Lessons from CPS’ Attempt to Remove an Award-Winning Principal
for my mother, Kay
According to standards used by the Mayor’s office, there are only four schools that consistently and substantially raise student performance year after year after year. For the past five years, I’ve led one of those four schools: Blaine Elementary.
We have an incredibly simple philosophy for success: Take the things that have been proven to work, and implement them, while giving your staff the freedom to improvise to fit the unique circumstances of your school. Unfortunately, that’s not this administration’s strategy. Their education policies have been ideologically driven, clumsy, and scientifically baseless.
I’ve talked with so many principals who are deeply troubled by the obstacles this administration puts in their way: underfunding; a flawed school rating system; a lack of support for schools that serve the most vulnerable children; a lack of respect for their work and their time; a culture of fear and intimidation; and burdensome compliance driven paperwork. This list goes on. Under this administration, teaching, learning and leading are far more difficult than they have to be. This is a direct result of the fact that this administration has focused on creating financial relationships that ensure their rich donors profit from our children’s losses. It is inherently corrupt, and corruption breeds incompetence.
Instead of being guided by self interest, we must see the city as our family, and decide that the well being of everyone in that family is our priority. That must be our vision, and we must act to make it so. I made that decision three years ago. That my Chicago family would be the priority. And I based my actions on that decision.
Those actions, in defense of our family, led my colleagues to nominate me for the presidency of the Chicago Principals and Administrators Association. If elected I made it clear that I would work to develop systems and relationships that end the isolation of principals and administrators and brings them together to have a collective voice for policies that support student development, instead of undermining it.
When I was a lone voice the administration tolerated me. But when faced with the prospect of an organized group of education leaders speaking as one on behalf of students, they’ve moved with haste and reckless abandon to prevent that from happening.
The Charges: An Exercise in Projection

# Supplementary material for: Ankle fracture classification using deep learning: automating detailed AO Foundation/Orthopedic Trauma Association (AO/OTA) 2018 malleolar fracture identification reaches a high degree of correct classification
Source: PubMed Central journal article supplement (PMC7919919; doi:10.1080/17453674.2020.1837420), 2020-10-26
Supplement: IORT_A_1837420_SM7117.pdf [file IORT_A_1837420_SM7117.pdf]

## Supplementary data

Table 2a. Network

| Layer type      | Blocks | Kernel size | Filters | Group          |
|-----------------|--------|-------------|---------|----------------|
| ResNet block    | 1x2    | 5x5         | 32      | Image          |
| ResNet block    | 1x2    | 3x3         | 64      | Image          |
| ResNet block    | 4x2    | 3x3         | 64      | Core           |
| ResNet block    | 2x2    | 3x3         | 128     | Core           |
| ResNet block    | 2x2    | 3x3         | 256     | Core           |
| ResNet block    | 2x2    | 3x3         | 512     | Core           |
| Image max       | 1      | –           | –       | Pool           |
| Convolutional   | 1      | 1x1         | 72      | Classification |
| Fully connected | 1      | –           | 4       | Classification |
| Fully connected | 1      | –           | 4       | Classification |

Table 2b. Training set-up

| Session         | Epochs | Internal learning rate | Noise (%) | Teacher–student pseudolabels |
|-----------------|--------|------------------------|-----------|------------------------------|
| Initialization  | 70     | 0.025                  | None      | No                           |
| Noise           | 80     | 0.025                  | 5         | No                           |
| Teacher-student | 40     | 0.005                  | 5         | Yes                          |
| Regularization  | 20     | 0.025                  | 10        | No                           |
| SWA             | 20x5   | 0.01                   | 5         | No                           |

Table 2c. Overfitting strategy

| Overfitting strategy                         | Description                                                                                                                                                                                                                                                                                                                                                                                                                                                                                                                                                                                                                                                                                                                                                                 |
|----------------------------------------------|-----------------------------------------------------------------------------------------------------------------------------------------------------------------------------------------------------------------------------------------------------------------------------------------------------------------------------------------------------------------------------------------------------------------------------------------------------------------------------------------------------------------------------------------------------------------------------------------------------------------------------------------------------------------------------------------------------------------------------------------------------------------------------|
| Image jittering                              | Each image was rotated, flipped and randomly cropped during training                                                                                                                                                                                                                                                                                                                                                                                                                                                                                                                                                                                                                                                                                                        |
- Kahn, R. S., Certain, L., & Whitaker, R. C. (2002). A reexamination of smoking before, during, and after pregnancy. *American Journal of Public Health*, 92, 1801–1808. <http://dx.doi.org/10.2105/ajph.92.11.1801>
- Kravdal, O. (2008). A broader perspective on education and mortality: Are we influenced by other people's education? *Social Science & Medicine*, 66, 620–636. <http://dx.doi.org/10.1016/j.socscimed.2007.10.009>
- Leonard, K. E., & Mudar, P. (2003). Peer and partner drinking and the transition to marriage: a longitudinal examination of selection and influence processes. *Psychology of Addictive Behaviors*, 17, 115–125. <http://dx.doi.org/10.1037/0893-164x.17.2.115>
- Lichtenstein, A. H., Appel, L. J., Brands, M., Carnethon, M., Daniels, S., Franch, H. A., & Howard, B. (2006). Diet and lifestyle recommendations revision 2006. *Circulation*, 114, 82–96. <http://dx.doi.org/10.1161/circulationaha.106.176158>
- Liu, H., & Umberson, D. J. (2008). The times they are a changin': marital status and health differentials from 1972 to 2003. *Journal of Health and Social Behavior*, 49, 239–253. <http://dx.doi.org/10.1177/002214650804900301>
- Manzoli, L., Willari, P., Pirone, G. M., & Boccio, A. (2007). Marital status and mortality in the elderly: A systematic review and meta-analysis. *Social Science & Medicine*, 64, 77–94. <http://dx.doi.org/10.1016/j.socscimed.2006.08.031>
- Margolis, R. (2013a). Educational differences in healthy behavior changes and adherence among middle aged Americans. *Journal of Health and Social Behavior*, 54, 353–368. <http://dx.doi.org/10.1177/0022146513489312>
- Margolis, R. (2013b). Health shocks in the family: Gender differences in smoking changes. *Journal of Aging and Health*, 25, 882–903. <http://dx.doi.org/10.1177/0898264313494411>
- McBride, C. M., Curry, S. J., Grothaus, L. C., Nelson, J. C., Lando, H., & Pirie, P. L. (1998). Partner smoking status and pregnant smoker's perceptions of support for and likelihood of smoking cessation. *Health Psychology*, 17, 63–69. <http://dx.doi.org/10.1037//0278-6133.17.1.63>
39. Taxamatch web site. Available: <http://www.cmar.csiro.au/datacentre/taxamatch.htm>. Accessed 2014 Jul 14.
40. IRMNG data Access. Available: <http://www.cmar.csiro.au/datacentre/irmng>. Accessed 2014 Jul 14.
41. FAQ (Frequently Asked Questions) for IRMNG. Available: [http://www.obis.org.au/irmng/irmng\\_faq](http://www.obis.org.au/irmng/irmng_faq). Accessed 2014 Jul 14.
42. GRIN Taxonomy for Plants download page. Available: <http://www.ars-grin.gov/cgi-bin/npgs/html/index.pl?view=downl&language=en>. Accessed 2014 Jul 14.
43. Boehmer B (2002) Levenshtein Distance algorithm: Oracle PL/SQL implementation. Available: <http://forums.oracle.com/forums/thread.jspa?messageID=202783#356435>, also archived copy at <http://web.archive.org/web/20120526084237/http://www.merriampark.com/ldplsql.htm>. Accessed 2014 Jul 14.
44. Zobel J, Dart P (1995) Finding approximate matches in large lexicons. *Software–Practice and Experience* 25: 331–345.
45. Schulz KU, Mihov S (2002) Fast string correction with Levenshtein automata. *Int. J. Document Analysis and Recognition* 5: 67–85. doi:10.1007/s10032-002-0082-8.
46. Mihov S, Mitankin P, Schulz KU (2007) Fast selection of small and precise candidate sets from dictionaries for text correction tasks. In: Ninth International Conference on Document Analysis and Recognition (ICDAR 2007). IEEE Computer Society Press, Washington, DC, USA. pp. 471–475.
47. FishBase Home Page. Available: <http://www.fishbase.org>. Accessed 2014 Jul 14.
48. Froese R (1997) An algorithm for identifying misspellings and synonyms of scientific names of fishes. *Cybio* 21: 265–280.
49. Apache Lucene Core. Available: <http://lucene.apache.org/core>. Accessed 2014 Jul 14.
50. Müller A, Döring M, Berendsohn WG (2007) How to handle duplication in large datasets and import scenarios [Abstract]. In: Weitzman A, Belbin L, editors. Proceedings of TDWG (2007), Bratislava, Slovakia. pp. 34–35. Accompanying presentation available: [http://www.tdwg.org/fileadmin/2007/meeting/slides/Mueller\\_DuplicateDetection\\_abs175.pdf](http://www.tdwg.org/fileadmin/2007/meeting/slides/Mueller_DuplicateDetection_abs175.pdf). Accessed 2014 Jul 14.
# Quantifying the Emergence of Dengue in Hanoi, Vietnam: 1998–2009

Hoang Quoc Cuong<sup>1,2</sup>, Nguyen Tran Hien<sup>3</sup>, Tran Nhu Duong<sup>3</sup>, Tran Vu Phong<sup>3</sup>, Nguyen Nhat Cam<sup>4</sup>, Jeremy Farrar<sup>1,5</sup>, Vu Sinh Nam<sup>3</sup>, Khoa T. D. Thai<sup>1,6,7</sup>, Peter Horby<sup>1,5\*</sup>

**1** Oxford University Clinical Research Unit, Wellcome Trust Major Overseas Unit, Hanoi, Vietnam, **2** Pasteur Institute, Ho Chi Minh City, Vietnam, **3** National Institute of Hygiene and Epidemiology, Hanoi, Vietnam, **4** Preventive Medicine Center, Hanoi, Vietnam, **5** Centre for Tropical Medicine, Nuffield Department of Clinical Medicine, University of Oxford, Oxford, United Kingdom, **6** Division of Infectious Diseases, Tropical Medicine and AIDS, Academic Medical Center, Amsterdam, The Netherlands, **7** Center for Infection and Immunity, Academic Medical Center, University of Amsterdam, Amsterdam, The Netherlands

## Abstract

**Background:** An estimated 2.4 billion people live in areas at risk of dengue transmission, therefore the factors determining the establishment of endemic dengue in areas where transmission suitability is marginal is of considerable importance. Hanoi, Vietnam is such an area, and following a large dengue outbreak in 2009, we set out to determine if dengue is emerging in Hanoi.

I’ve already written about this administration’s hasty, effort to remove me. Today I’m here to respond to the politically motivated charges they assembled as a false justification for that removal. When I read the charges I had the distinct feeling that the mayor’s office was projecting. That’s when you attribute your own shortcomings to someone else.
The broad categories of the charges are insubordination, ethics violations–which are all about supporting Chuy Garcia and Bernie Sanders–and dereliction of duty. Each of those has a number of sub-charges, some of which are vague and others more specific.
A Responsibility to Speak
The charges under insubordination have to do with supporting my teachers, my opposition to PARCC testing, and speaking out against corruption. I spoke out in part, to meet my professional obligation to speak out. I spoke out because the National Policy Board for Educational Administration sets professional standards for principals and one of those standards states that principals must, “Act to influence local, district, state, and national decisions affecting student learning.” In other words, public advocacy doesn’t distract us from our job. Public advocacy is our job. I also speak out as a veteran who put my life in harms way to defend our free speech rights. I resolved there was no way I was going to travel 5,000 miles away and risk my life to defend the freedom of speech against the likes of some foreign dictator, only to return to my own country and have to relinquish that freedom to the likes of a municipal elected official. The best way to protect your rights is to exercise them, and so I did.
A Corrupt Contract